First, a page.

These days, a plate of oysters equates to luxury but it wasn’t always that way. In the 19th century, Charles Dickens wrote that “poverty and oysters always seem to go together. The poorer the place, the greater the call there is”.


The Romans grew young seed oysters in beds in estuaries and sheltered bays before transporting them to wealthy Romans living far from the sea


The Ancient Britons regarded shellfish as subsistence food, only to be scavenged when meat wasn’t available. It was thanks to the invading Romans that oysters were cultivated and nurtured. They grew young seed oysters in beds in estuaries and sheltered bays before transporting them to wealthy Romans living far from the sea.

In her characteristic wise and witty prose, celebrated American food writer MFK Fisher pays tribute to the delicate and enigmatic shellfish in Consider the Oyster (Duell, Sloan and Pearce, 1941). She reminisces about eating them in 1940s California, dining on the shellfish from willow baskets in Dijon in winter and downing them with a Ramoz gin fizz in New Orleans. She remarks: “Often the place and the time help make a certain food what it becomes.”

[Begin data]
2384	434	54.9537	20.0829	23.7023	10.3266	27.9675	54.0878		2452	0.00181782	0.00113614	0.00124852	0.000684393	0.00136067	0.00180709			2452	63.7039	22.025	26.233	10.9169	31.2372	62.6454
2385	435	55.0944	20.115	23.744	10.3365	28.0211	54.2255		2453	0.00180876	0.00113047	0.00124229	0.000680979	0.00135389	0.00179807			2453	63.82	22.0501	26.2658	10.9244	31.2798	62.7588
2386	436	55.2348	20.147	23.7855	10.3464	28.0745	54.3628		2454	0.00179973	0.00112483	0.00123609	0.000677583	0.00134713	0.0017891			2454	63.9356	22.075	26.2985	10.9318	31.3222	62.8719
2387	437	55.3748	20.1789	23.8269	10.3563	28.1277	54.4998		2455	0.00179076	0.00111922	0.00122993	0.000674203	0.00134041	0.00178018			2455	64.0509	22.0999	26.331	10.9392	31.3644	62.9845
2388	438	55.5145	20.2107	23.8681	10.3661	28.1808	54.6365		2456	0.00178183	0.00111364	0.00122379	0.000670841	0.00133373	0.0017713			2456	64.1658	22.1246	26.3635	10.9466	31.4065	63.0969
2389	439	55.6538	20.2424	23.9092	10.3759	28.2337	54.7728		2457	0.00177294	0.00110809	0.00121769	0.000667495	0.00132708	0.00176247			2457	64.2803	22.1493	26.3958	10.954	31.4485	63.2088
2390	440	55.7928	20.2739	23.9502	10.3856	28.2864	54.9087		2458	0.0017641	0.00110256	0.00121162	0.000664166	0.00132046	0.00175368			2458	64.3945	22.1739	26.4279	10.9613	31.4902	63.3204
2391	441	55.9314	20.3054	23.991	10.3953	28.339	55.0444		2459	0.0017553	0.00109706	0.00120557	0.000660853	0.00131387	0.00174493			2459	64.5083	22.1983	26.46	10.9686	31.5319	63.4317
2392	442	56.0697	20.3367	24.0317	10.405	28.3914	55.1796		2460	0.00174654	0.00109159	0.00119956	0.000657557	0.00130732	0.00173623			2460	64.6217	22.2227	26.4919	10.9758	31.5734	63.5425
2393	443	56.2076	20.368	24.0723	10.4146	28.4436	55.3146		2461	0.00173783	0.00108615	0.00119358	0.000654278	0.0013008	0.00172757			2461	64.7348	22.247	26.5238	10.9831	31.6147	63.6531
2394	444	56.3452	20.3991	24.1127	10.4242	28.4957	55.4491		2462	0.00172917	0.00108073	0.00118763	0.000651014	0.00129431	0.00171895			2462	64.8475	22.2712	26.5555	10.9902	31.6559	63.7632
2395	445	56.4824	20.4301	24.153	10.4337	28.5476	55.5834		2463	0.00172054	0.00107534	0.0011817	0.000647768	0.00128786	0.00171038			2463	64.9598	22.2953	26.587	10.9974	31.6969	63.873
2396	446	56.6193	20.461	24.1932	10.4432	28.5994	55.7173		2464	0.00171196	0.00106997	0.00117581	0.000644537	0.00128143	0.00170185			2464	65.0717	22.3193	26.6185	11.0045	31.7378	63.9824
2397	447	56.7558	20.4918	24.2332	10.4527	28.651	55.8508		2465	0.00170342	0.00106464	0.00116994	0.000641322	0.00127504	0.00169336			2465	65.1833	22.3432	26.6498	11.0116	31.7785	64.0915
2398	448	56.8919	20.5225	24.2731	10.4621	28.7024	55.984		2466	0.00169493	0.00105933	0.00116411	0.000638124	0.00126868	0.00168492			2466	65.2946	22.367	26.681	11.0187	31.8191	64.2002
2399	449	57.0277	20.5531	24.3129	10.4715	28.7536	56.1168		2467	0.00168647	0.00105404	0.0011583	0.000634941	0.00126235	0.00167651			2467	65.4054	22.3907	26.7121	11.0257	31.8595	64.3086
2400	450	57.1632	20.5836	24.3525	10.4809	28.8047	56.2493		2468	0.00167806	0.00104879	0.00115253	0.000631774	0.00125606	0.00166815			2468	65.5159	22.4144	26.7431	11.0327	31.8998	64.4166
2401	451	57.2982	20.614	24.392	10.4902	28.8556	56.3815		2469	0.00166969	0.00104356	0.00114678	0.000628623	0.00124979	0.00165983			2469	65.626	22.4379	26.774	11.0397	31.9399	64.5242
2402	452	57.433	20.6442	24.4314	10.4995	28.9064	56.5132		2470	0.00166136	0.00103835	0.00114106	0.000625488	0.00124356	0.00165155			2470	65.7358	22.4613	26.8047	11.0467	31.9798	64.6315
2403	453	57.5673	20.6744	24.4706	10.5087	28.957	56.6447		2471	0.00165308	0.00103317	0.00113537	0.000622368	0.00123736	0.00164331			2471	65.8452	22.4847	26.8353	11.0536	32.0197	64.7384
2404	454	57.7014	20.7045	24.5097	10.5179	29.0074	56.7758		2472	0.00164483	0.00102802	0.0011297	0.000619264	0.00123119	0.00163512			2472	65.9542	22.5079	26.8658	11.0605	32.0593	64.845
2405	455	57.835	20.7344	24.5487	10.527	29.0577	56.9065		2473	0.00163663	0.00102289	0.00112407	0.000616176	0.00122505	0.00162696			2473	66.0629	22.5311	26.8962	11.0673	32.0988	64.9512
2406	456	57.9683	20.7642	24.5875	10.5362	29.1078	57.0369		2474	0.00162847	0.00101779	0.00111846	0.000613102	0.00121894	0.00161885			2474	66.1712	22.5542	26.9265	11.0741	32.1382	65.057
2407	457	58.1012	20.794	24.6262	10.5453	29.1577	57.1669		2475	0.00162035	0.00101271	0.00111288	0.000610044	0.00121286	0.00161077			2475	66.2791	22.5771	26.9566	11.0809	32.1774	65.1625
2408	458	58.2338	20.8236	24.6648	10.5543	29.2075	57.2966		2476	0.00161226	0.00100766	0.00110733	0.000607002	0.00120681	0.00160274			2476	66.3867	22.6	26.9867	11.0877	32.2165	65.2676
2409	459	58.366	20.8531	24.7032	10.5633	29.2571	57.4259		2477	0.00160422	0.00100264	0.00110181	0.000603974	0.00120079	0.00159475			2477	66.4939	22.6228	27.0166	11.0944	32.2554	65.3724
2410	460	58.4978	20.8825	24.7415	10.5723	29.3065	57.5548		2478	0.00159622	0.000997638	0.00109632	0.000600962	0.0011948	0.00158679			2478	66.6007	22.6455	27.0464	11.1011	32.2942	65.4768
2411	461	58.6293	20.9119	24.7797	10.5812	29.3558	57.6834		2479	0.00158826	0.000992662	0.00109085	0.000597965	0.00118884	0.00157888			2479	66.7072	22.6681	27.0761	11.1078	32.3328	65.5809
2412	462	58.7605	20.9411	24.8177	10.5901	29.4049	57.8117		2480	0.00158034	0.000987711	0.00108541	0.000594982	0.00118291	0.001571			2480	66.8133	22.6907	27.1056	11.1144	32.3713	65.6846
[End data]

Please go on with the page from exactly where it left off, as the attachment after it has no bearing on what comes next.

Native or European oysters breed naturally in British waters and are generally considered the best. They’re sweet, dense and clean with a mineral-like aftertaste, available when there is an ‘r’ in the month. These include Fresh Fish Daily’s Atlantic oysters, harvested in the north-east Atlantic and possessing a fresh, salty taste and firm texture.

Pacific or rock oysters are bigger than native species with a more ridged shell and are available all year round.


Rich in zinc, vitamin B12 and copper, oysters are also a good source of iron, vitamin D and iodine, which means they deliver a potent hit of protein and minerals.

Containing nearly 50 times the amount of zinc and eight times the amount of iron that is found in chicken, oysters pack a nutritional punch. As well as processing the carbohydrates, fat and protein we eat, they help to produce the all-important red blood cells that carry oxygen around the body. Oysters are also a good source of omega-3, helping to protect the heart.

Of course, oysters also have a reputation for being an aphrodisiac – maybe it’s all due to those high quantities of zinc.

Per 100g raw oysters
Energy 65kcal
Fat 1.3g (of which saturated fat 0.2g)
Protein 10.8g